Queensland artist Lisa Adams has gained a strong following for her carefully realised paintings and her current exhibition at Philip Bacon Galleries is a must visit for those who are in Brisbane, or can travel there.
For more information on Lisa's exhibition at Philip Bacon Galleries CLICK HERE
Rose garden, 2008, oil on canvas, 70 x 53.5 cm collection Queensland Art Gallery/Gallery of Modern Art
In The Real Art World interviews Lisa Adams about her recent exhibition at Philip Bacon Galleries, Brisbane
In The real Art World: What is the Lisa Adams story, how have you and your art arrived at this point?
Lisa Adams: I live and work on a 15 acre native bush property in the Sunshine Coast hinterland with my husband, fellow artist Kim Guthrie.
My earliest work was comprised of many drawings which graphically depict spooky dolls and playthings that evoke the uncanny world of childhood. I am largely self taught and began to teach myself to paint at age 19. The dolls disappeared from my work but crucial elements from this period have remained. I have now been painting for 20 years and have been represented by Philip Bacon Galleries, Brisbane since 1999.
Drift, 2008, oil on canvas, 33 x 61 cm
In The real Art World: How do you go about finding the subjects for your paintings and what do you really look for when assessing it’s potential to make it as a painting?
Lisa Adams: Ideas present themselves to me vividly. I see the finished painting clearly in my mind, and it is this image that I endeavor to represent. I am drawn to ideas which give me an intense gut feeling the moment they are conceived. I must feel this strongly about an idea before pursuing it as a painting as it means committing a large amount of time, bringing that idea to fruition. I try to remain faithful to the original idea without tinkering with it or questioning it too much, as the initial concept is very often the most powerful. I can never pinpoint how or when I will get an idea.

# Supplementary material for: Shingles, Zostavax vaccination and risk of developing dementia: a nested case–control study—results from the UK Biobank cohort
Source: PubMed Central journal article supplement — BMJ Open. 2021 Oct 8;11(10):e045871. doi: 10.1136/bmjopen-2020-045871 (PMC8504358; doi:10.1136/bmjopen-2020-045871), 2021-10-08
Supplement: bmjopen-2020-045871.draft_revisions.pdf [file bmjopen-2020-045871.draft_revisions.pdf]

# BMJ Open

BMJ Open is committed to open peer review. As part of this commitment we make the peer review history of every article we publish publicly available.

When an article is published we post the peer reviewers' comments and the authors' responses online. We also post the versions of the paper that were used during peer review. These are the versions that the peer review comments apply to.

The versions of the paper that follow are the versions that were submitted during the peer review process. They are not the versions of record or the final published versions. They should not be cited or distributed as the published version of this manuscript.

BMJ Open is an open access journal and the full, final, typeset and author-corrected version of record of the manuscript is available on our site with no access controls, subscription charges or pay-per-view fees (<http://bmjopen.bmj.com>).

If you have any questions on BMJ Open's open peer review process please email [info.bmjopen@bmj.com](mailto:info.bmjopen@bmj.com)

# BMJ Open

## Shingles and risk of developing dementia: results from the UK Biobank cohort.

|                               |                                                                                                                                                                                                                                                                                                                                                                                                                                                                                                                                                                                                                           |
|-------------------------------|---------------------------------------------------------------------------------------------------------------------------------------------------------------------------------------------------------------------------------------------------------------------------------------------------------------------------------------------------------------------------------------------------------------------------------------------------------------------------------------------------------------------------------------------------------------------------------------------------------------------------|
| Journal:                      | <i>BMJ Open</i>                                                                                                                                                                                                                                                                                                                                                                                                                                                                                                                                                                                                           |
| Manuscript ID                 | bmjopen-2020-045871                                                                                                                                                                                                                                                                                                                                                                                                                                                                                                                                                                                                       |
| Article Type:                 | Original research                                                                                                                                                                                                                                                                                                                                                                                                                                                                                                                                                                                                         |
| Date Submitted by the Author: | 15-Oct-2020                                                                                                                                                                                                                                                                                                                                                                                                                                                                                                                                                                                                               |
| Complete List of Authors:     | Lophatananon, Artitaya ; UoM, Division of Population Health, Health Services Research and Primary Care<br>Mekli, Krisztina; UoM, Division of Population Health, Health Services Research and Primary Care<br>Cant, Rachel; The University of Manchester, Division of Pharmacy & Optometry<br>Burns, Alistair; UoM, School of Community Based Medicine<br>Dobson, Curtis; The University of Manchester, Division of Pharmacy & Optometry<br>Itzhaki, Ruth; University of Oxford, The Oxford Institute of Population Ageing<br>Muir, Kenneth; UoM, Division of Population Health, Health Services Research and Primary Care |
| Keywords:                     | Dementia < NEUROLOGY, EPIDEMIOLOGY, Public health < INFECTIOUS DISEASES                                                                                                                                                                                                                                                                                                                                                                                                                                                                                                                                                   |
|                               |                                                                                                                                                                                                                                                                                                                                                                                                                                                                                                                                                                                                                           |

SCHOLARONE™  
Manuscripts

Secret, 2006, oil on canvas, 54 x 78 cm
In The real Art World: There is a disconcerting tension to viewing your paintings, as we become like witnesses to an unresolved story. How important is creating a balanced enigmatic state where the paintings lead the viewer into wanting to understand the image without giving them many clues?
Lisa Adams: It is not my intention to lead the viewer towards anywhere in particular. My paintings are often inexplicable suspended moments which I often don't have all the answers to myself but which I know somehow are an emotional response to my life's experiences.
Lovers, 2006, oil on canvas, 60 x 100 cm
In The real Art World: Creating ambiguous images such as “Lovers, 2007” makes for all sorts of associations. For me, I cannot look at that painting without thinking of Dave Graney’s song “Scorched earth love affair”, about a couple that were “bad for each other”. Does it surprise you what people tell you they see in your paintings?
Lisa Adams: I am happy for people to form their own ideas about the meaning of my paintings, everyone filters art through their own history. What people tell me they see in my paintings often tells me a a lot about them. For me 'Lovers' 2007 was about the incredible intensity of passion felt when you first fall in love.